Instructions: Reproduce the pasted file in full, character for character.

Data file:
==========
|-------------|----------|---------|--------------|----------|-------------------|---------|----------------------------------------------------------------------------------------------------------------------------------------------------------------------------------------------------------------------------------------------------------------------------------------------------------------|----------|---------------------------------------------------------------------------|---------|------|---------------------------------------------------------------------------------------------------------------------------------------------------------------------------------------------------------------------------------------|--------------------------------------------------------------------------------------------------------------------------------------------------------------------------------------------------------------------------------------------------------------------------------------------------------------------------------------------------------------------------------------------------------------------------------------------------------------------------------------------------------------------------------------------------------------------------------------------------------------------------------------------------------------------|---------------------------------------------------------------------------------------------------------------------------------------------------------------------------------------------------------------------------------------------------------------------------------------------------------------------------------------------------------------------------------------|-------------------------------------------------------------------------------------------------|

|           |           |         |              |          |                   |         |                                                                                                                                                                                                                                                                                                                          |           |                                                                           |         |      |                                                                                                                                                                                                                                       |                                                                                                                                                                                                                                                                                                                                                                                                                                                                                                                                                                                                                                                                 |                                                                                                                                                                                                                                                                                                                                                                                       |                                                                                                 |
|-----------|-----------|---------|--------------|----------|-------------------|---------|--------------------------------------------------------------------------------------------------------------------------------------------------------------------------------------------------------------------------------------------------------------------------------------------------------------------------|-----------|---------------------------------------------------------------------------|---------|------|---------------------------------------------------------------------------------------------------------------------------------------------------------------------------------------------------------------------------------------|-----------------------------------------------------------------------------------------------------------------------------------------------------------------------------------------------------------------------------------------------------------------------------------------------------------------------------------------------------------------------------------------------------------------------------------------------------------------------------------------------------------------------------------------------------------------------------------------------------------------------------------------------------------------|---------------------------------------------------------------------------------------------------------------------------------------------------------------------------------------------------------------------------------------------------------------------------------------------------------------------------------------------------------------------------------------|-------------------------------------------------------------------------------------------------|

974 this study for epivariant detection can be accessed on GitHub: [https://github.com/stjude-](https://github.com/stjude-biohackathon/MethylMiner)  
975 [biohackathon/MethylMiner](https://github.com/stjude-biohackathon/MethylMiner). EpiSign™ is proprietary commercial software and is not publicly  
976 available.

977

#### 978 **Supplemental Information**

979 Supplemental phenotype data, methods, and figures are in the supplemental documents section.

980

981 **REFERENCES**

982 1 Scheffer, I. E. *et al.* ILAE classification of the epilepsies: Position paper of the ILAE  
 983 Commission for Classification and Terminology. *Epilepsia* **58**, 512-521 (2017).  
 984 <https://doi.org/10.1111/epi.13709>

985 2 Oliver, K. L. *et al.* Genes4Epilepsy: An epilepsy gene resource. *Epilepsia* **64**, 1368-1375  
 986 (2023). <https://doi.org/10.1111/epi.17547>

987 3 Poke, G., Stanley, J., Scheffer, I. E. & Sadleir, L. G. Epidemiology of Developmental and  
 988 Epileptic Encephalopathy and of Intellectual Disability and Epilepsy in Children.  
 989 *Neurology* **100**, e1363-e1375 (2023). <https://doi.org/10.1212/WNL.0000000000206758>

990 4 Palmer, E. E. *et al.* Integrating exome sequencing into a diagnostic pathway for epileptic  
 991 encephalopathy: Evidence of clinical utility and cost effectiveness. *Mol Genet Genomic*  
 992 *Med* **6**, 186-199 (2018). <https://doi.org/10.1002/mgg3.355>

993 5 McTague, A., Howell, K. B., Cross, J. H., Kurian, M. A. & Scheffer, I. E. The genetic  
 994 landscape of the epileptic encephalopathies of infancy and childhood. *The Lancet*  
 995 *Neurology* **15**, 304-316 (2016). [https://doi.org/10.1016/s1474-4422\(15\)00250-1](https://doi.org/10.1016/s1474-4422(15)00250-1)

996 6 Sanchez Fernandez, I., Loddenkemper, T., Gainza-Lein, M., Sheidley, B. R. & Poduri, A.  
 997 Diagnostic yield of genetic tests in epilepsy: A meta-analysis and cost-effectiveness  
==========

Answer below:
|-------------|----------|---------|--------------|----------|-------------------|---------|----------------------------------------------------------------------------------------------------------------------------------------------------------------------------------------------------------------------------------------------------------------------------------------------------------------|----------|---------------------------------------------------------------------------|---------|------|---------------------------------------------------------------------------------------------------------------------------------------------------------------------------------------------------------------------------------------|--------------------------------------------------------------------------------------------------------------------------------------------------------------------------------------------------------------------------------------------------------------------------------------------------------------------------------------------------------------------------------------------------------------------------------------------------------------------------------------------------------------------------------------------------------------------------------------------------------------------------------------------------------------------|---------------------------------------------------------------------------------------------------------------------------------------------------------------------------------------------------------------------------------------------------------------------------------------------------------------------------------------------------------------------------------------|-------------------------------------------------------------------------------------------------|

|           |           |         |              |          |                   |         |                                                                                                                                                                                                                                                                                                                          |           |                                                                           |         |      |                                                                                                                                                                                                                                       |                                                                                                                                                                                                                                                                                                                                                                                                                                                                                                                                                                                                                                                                 |                                                                                                                                                                                                                                                                                                                                                                                       |                                                                                                 |
|-----------|-----------|---------|--------------|----------|-------------------|---------|--------------------------------------------------------------------------------------------------------------------------------------------------------------------------------------------------------------------------------------------------------------------------------------------------------------------------|-----------|---------------------------------------------------------------------------|---------|------|---------------------------------------------------------------------------------------------------------------------------------------------------------------------------------------------------------------------------------------|-----------------------------------------------------------------------------------------------------------------------------------------------------------------------------------------------------------------------------------------------------------------------------------------------------------------------------------------------------------------------------------------------------------------------------------------------------------------------------------------------------------------------------------------------------------------------------------------------------------------------------------------------------------------|---------------------------------------------------------------------------------------------------------------------------------------------------------------------------------------------------------------------------------------------------------------------------------------------------------------------------------------------------------------------------------------|-------------------------------------------------------------------------------------------------|

974 this study for epivariant detection can be accessed on GitHub: [https://github.com/stjude-](https://github.com/stjude-biohackathon/MethylMiner)  
975 [biohackathon/MethylMiner](https://github.com/stjude-biohackathon/MethylMiner). EpiSign™ is proprietary commercial software and is not publicly  
976 available.

977

#### 978 **Supplemental Information**

979 Supplemental phenotype data, methods, and figures are in the supplemental documents section.

980

981 **REFERENCES**

982 1 Scheffer, I. E. *et al.* ILAE classification of the epilepsies: Position paper of the ILAE  
 983 Commission for Classification and Terminology. *Epilepsia* **58**, 512-521 (2017).  
 984 <https://doi.org/10.1111/epi.13709>

985 2 Oliver, K. L. *et al.* Genes4Epilepsy: An epilepsy gene resource. *Epilepsia* **64**, 1368-1375  
 986 (2023). <https://doi.org/10.1111/epi.17547>

987 3 Poke, G., Stanley, J., Scheffer, I. E. & Sadleir, L. G. Epidemiology of Developmental and  
 988 Epileptic Encephalopathy and of Intellectual Disability and Epilepsy in Children.  
 989 *Neurology* **100**, e1363-e1375 (2023). <https://doi.org/10.1212/WNL.0000000000206758>

990 4 Palmer, E. E. *et al.* Integrating exome sequencing into a diagnostic pathway for epileptic  
 991 encephalopathy: Evidence of clinical utility and cost effectiveness. *Mol Genet Genomic*  
 992 *Med* **6**, 186-199 (2018). <https://doi.org/10.1002/mgg3.355>

993 5 McTague, A., Howell, K. B., Cross, J. H., Kurian, M. A. & Scheffer, I. E. The genetic  
 994 landscape of the epileptic encephalopathies of infancy and childhood. *The Lancet*  
 995 *Neurology* **15**, 304-316 (2016). [https://doi.org/10.1016/s1474-4422\(15\)00250-1](https://doi.org/10.1016/s1474-4422(15)00250-1)

996 6 Sanchez Fernandez, I., Loddenkemper, T., Gainza-Lein, M., Sheidley, B. R. & Poduri, A.  
 997 Diagnostic yield of genetic tests in epilepsy: A meta-analysis and cost-effectiveness  